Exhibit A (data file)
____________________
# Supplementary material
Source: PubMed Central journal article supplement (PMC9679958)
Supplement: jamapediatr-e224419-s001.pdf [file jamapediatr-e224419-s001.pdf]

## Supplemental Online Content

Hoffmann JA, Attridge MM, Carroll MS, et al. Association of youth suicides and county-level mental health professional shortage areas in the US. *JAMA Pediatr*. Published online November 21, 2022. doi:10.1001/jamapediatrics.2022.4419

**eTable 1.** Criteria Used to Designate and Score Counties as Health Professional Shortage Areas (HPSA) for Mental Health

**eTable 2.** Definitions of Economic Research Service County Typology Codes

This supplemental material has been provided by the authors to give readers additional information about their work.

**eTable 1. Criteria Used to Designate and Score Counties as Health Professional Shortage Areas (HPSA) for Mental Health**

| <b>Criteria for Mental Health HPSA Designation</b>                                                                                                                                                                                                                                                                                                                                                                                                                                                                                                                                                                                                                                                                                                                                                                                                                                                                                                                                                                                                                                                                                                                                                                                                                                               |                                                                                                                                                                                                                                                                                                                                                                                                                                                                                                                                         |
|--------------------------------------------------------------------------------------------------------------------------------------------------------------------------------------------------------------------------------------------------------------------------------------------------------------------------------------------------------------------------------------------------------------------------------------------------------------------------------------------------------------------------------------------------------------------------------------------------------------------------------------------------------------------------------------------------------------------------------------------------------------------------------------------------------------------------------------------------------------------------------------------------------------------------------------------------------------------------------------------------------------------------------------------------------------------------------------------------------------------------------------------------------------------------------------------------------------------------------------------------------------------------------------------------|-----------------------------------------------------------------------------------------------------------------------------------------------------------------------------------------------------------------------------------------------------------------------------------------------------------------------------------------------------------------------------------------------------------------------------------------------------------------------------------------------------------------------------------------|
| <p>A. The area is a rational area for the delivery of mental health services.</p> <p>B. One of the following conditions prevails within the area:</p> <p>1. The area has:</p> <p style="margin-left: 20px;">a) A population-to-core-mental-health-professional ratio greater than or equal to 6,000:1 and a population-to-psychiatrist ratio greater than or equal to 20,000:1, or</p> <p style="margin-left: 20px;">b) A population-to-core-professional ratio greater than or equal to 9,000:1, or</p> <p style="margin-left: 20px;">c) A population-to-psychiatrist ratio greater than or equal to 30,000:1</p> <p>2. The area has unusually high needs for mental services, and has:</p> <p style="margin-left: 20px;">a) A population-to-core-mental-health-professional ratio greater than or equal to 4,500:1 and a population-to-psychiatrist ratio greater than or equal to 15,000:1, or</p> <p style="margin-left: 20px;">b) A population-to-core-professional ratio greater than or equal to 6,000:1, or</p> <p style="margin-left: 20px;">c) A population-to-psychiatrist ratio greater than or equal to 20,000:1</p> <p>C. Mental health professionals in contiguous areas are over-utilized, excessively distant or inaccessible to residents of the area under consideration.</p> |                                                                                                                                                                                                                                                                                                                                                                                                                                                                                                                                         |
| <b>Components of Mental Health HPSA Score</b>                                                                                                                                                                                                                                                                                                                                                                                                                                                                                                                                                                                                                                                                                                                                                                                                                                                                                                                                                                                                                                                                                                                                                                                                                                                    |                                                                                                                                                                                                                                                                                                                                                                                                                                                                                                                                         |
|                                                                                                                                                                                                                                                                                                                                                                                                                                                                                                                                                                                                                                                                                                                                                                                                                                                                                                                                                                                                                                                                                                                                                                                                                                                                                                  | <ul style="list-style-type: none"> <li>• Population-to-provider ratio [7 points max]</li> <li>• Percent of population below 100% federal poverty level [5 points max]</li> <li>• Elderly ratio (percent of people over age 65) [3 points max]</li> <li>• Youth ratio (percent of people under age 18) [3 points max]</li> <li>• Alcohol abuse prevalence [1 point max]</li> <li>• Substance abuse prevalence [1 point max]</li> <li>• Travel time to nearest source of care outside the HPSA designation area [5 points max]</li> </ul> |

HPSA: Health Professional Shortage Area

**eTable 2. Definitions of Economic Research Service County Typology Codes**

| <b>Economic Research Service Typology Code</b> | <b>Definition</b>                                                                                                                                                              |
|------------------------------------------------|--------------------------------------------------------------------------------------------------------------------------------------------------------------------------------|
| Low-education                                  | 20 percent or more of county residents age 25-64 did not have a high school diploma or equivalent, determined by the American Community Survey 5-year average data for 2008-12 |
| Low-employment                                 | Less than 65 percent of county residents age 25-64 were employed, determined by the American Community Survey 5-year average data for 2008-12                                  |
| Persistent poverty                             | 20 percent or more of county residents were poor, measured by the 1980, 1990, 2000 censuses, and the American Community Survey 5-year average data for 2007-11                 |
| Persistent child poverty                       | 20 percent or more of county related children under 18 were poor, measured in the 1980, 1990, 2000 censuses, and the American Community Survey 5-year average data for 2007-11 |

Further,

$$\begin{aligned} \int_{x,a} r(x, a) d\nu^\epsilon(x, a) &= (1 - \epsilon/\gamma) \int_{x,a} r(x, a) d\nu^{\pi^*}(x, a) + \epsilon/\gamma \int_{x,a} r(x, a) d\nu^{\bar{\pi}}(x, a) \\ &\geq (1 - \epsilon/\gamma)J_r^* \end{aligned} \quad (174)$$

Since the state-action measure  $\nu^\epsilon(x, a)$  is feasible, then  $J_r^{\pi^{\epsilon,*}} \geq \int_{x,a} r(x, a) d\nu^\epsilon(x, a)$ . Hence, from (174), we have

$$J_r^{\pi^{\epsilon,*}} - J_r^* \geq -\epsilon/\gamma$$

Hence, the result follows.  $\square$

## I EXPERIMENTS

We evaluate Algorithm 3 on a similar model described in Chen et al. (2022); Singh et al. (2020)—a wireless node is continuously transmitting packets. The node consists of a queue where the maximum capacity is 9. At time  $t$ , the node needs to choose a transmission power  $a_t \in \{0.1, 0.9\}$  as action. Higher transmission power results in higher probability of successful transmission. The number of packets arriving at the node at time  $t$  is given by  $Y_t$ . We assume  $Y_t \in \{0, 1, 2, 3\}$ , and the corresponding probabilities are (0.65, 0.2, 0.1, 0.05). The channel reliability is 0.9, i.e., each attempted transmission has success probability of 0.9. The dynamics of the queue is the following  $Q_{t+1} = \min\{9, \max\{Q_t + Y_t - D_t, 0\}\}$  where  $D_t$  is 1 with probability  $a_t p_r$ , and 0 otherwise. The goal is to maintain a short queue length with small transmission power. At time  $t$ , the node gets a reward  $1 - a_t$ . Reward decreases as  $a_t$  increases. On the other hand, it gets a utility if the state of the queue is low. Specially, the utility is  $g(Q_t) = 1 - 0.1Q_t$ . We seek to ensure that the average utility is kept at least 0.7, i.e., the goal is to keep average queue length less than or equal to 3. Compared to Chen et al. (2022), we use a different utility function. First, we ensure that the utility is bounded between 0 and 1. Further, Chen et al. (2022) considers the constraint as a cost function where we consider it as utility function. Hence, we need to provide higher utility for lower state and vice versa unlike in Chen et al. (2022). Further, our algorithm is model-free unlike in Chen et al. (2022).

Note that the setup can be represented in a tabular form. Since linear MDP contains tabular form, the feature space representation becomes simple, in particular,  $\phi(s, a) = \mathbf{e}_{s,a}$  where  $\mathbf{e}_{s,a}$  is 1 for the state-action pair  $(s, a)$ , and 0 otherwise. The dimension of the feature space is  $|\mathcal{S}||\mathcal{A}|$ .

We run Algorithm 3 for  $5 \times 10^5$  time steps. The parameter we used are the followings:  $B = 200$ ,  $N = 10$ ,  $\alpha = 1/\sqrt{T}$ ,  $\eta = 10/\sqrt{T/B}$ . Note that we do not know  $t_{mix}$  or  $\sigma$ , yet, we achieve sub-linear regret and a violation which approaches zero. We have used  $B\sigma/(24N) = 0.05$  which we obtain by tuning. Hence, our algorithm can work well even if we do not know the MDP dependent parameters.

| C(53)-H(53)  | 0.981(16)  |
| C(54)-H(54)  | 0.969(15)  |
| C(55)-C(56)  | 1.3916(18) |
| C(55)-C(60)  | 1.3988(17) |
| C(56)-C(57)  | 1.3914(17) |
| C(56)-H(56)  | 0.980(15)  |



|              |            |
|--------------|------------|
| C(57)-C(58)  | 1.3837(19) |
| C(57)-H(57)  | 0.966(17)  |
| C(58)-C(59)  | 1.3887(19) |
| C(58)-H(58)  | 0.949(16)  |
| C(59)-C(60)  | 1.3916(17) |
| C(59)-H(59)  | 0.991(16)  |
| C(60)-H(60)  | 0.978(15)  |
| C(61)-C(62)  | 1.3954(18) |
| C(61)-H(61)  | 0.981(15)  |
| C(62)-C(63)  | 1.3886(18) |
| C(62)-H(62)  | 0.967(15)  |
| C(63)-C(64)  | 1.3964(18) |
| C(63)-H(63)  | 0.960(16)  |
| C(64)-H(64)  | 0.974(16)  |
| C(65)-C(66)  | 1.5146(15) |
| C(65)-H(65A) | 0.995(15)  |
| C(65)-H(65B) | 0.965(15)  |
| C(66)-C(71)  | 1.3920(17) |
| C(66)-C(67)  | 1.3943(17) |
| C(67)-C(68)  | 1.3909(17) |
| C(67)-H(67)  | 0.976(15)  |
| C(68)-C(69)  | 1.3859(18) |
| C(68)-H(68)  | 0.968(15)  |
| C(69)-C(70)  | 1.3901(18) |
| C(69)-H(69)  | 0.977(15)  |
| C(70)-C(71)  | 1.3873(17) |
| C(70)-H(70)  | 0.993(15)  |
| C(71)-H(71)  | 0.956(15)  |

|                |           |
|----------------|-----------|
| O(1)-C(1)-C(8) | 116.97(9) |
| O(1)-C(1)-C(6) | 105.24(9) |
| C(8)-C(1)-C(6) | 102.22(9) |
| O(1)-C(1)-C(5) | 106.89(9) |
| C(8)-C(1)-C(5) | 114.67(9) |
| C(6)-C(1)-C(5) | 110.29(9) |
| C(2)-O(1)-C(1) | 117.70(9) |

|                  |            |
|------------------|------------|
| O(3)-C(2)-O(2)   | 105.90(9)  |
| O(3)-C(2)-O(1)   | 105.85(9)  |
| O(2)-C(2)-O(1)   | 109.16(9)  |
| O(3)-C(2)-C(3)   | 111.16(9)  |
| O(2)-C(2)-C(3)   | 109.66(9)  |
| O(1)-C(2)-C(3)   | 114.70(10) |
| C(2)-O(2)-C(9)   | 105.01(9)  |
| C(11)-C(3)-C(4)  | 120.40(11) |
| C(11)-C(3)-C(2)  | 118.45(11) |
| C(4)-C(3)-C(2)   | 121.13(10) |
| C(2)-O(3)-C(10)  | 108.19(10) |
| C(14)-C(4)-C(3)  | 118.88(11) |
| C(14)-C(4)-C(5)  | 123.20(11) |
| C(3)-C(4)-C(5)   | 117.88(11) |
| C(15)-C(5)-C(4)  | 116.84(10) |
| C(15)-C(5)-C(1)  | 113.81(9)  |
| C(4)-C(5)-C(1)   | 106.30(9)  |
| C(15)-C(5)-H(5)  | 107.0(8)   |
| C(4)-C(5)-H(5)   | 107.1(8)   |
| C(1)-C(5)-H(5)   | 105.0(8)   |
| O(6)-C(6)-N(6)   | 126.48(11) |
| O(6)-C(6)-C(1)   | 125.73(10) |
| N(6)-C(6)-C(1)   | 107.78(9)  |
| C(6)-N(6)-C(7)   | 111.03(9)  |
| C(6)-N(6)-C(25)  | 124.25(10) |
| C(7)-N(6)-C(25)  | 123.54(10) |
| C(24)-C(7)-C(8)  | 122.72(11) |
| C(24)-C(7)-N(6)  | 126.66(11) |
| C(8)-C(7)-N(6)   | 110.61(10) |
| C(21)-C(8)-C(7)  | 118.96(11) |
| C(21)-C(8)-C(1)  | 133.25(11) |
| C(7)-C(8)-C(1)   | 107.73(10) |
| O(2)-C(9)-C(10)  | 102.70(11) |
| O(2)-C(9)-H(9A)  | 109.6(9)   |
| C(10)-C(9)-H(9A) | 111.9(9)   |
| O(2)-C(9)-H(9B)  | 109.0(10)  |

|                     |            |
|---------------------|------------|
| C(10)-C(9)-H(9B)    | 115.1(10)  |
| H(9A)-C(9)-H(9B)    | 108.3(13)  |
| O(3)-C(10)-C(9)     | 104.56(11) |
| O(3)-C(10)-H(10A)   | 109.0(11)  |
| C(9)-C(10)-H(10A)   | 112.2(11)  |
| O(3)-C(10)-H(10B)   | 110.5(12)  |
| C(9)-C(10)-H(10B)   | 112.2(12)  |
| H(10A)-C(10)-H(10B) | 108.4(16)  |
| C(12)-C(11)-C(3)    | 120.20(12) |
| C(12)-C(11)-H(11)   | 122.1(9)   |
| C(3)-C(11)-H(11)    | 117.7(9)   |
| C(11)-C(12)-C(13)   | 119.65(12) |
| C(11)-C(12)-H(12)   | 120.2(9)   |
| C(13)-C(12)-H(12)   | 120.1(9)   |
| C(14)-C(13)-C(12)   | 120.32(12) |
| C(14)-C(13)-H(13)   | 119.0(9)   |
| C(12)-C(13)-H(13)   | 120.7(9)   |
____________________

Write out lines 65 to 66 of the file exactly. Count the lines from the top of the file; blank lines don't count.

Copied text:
| C(70)-C(71)  | 1.3873(17) |
| C(70)-H(70)  | 0.993(15)  |